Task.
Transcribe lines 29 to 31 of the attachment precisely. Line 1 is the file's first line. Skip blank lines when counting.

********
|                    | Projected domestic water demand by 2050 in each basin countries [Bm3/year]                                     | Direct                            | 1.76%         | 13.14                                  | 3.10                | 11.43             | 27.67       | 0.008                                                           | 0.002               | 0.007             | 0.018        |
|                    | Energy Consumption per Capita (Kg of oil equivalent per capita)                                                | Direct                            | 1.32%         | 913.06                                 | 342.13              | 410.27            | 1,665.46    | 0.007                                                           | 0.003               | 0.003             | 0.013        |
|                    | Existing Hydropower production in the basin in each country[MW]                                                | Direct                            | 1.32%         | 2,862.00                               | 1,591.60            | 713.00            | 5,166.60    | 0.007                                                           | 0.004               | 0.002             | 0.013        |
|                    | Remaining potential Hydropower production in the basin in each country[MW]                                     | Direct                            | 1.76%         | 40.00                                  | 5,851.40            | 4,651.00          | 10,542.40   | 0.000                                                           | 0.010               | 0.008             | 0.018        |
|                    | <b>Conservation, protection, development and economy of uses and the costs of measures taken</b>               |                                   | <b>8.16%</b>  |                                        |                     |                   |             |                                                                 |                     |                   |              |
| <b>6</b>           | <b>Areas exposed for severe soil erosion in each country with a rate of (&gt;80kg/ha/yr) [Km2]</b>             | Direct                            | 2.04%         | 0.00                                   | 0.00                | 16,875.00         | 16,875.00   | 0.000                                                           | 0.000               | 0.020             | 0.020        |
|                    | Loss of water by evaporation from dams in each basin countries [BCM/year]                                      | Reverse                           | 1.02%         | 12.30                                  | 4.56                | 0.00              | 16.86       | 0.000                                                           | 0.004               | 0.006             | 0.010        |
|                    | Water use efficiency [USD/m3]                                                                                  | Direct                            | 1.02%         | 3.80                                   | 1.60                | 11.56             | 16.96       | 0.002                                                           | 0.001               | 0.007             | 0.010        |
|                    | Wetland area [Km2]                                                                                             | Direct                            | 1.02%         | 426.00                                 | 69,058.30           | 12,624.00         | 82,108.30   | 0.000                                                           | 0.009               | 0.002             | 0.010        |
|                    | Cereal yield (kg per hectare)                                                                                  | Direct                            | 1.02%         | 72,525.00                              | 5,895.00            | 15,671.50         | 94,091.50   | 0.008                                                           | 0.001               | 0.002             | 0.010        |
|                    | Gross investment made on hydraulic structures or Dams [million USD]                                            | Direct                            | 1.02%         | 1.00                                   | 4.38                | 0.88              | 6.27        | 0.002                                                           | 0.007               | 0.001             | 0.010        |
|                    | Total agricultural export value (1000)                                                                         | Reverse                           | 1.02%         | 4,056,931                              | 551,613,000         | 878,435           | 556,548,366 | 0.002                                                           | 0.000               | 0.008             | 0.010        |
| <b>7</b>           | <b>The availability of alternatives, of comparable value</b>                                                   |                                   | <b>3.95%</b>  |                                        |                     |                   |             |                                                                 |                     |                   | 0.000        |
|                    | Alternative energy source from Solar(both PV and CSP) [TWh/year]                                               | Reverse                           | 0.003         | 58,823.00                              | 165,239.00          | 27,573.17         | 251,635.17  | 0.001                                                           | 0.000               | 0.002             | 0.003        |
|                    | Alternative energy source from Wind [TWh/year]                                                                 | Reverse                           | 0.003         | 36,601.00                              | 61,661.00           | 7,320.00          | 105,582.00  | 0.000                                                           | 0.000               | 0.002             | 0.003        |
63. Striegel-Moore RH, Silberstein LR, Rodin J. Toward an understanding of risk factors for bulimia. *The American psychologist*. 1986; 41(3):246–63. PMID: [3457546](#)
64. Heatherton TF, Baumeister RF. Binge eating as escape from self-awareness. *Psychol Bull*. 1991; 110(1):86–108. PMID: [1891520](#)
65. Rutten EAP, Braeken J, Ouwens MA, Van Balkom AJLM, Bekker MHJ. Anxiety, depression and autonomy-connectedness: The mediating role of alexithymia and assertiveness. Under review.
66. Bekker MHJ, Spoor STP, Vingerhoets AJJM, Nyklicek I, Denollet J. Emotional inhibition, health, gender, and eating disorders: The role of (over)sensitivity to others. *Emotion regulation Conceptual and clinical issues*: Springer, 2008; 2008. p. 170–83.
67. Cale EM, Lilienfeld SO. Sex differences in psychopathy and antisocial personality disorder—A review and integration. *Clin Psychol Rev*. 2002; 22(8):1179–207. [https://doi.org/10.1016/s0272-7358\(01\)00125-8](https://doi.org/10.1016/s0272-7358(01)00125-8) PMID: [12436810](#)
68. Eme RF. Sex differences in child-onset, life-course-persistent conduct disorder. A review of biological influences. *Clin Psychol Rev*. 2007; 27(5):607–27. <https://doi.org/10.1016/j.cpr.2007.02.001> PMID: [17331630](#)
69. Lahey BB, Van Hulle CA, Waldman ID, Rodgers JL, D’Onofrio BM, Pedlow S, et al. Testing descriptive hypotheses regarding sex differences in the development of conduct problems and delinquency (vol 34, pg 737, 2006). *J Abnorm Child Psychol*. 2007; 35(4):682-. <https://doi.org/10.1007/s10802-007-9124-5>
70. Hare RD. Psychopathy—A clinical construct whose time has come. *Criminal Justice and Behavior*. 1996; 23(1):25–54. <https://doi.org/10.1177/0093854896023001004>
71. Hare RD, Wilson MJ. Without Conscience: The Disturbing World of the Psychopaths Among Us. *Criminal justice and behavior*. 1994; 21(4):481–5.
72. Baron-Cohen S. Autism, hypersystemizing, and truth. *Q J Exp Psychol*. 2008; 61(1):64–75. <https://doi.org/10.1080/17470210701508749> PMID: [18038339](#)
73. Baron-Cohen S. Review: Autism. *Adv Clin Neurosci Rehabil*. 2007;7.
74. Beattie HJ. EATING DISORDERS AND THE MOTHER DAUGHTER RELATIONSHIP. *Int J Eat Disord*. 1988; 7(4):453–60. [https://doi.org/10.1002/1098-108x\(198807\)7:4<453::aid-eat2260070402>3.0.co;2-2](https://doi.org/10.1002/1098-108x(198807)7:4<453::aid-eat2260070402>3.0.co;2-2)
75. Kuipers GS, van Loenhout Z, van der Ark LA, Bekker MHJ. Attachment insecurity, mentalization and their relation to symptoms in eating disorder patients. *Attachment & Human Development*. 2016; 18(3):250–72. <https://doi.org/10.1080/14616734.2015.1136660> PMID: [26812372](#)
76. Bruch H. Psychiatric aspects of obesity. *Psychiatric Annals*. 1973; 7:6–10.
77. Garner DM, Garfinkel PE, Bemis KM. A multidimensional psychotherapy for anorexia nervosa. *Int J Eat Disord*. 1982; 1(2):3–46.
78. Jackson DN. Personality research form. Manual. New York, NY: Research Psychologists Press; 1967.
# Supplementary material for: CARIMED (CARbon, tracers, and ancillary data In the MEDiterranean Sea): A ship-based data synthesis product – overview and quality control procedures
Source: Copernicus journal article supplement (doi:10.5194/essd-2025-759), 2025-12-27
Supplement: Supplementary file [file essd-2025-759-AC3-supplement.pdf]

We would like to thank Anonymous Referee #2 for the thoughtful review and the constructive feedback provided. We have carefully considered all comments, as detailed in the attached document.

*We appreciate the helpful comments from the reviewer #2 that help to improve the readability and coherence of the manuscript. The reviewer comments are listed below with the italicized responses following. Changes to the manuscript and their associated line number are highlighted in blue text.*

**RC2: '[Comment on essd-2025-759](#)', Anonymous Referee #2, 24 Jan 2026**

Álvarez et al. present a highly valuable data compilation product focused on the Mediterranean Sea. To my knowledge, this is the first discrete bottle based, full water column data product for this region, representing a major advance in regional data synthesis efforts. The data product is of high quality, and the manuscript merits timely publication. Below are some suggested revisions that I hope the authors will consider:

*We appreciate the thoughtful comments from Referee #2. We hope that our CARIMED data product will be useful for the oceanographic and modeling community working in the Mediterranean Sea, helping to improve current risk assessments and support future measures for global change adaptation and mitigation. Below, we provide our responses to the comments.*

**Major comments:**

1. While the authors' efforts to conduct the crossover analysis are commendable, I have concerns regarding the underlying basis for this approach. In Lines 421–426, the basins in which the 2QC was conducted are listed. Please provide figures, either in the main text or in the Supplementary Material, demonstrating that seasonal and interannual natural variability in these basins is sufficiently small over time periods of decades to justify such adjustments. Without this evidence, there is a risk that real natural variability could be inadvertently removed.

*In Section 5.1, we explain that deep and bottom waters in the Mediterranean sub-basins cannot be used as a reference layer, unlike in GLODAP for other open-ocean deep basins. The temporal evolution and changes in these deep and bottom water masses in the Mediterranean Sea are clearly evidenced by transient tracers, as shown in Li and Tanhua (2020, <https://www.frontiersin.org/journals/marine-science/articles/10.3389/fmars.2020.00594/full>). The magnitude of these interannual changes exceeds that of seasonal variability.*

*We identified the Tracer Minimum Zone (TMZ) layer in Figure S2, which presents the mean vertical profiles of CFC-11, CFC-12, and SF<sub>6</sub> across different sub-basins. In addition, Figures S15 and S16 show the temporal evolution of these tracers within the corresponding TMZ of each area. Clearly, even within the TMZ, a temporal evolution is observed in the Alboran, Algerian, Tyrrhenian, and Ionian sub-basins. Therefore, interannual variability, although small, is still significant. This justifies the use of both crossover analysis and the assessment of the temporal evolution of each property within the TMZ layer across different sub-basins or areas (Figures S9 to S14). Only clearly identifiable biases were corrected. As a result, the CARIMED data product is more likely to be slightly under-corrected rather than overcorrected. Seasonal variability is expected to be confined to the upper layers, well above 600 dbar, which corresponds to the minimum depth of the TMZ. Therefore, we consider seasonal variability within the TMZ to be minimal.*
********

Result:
76. Bruch H. Psychiatric aspects of obesity. *Psychiatric Annals*. 1973; 7:6–10.
77. Garner DM, Garfinkel PE, Bemis KM. A multidimensional psychotherapy for anorexia nervosa. *Int J Eat Disord*. 1982; 1(2):3–46.
78. Jackson DN. Personality research form. Manual. New York, NY: Research Psychologists Press; 1967.